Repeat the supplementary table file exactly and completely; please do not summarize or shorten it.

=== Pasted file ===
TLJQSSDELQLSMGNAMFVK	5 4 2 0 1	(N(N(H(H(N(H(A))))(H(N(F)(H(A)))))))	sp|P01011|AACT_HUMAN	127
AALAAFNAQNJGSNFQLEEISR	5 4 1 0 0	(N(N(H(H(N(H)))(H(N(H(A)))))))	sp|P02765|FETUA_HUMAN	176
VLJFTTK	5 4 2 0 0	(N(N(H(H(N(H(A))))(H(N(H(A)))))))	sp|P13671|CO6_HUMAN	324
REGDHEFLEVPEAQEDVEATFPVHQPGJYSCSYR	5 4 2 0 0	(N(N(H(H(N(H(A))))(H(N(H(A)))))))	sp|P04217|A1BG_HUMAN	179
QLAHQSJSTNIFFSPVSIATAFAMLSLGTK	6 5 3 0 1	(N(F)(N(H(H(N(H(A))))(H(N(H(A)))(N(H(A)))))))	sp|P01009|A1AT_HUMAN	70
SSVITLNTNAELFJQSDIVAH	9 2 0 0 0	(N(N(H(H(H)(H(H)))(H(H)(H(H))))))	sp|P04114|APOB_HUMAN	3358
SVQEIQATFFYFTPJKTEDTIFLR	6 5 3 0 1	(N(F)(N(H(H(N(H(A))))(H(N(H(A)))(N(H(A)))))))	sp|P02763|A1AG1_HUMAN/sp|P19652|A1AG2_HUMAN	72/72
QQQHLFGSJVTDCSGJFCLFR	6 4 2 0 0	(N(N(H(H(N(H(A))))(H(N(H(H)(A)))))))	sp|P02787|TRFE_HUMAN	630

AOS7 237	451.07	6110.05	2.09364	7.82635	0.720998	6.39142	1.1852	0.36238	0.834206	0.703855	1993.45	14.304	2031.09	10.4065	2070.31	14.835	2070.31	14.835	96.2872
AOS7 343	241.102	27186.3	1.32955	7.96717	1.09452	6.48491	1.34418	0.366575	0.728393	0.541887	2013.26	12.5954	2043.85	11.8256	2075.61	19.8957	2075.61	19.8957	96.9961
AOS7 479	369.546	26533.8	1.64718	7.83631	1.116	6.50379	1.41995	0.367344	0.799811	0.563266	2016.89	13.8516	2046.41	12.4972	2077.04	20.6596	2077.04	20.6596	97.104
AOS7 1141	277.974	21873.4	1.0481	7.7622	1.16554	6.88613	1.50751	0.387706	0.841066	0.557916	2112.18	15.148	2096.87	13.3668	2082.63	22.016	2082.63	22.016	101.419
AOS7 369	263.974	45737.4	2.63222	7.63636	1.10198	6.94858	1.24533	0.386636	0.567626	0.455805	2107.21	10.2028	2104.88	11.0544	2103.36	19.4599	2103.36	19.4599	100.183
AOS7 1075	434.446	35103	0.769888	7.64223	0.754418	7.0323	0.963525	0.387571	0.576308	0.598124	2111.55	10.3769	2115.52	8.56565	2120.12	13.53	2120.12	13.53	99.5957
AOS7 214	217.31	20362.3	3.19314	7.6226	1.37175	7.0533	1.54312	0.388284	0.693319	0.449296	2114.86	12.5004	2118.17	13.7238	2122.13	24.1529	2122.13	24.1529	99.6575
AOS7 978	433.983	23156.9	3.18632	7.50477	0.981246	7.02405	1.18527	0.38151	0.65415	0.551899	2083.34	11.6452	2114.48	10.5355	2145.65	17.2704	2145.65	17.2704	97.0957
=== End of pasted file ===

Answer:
TLJQSSDELQLSMGNAMFVK	5 4 2 0 1	(N(N(H(H(N(H(A))))(H(N(F)(H(A)))))))	sp|P01011|AACT_HUMAN	127
AALAAFNAQNJGSNFQLEEISR	5 4 1 0 0	(N(N(H(H(N(H)))(H(N(H(A)))))))	sp|P02765|FETUA_HUMAN	176
VLJFTTK	5 4 2 0 0	(N(N(H(H(N(H(A))))(H(N(H(A)))))))	sp|P13671|CO6_HUMAN	324
REGDHEFLEVPEAQEDVEATFPVHQPGJYSCSYR	5 4 2 0 0	(N(N(H(H(N(H(A))))(H(N(H(A)))))))	sp|P04217|A1BG_HUMAN	179
QLAHQSJSTNIFFSPVSIATAFAMLSLGTK	6 5 3 0 1	(N(F)(N(H(H(N(H(A))))(H(N(H(A)))(N(H(A)))))))	sp|P01009|A1AT_HUMAN	70
SSVITLNTNAELFJQSDIVAH	9 2 0 0 0	(N(N(H(H(H)(H(H)))(H(H)(H(H))))))	sp|P04114|APOB_HUMAN	3358
SVQEIQATFFYFTPJKTEDTIFLR	6 5 3 0 1	(N(F)(N(H(H(N(H(A))))(H(N(H(A)))(N(H(A)))))))	sp|P02763|A1AG1_HUMAN/sp|P19652|A1AG2_HUMAN	72/72
QQQHLFGSJVTDCSGJFCLFR	6 4 2 0 0	(N(N(H(H(N(H(A))))(H(N(H(H)(A)))))))	sp|P02787|TRFE_HUMAN	630

AOS7 237	451.07	6110.05	2.09364	7.82635	0.720998	6.39142	1.1852	0.36238	0.834206	0.703855	1993.45	14.304	2031.09	10.4065	2070.31	14.835	2070.31	14.835	96.2872
AOS7 343	241.102	27186.3	1.32955	7.96717	1.09452	6.48491	1.34418	0.366575	0.728393	0.541887	2013.26	12.5954	2043.85	11.8256	2075.61	19.8957	2075.61	19.8957	96.9961
AOS7 479	369.546	26533.8	1.64718	7.83631	1.116	6.50379	1.41995	0.367344	0.799811	0.563266	2016.89	13.8516	2046.41	12.4972	2077.04	20.6596	2077.04	20.6596	97.104
AOS7 1141	277.974	21873.4	1.0481	7.7622	1.16554	6.88613	1.50751	0.387706	0.841066	0.557916	2112.18	15.148	2096.87	13.3668	2082.63	22.016	2082.63	22.016	101.419
AOS7 369	263.974	45737.4	2.63222	7.63636	1.10198	6.94858	1.24533	0.386636	0.567626	0.455805	2107.21	10.2028	2104.88	11.0544	2103.36	19.4599	2103.36	19.4599	100.183
AOS7 1075	434.446	35103	0.769888	7.64223	0.754418	7.0323	0.963525	0.387571	0.576308	0.598124	2111.55	10.3769	2115.52	8.56565	2120.12	13.53	2120.12	13.53	99.5957
AOS7 214	217.31	20362.3	3.19314	7.6226	1.37175	7.0533	1.54312	0.388284	0.693319	0.449296	2114.86	12.5004	2118.17	13.7238	2122.13	24.1529	2122.13	24.1529	99.6575
AOS7 978	433.983	23156.9	3.18632	7.50477	0.981246	7.02405	1.18527	0.38151	0.65415	0.551899	2083.34	11.6452	2114.48	10.5355	2145.65	17.2704	2145.65	17.2704	97.0957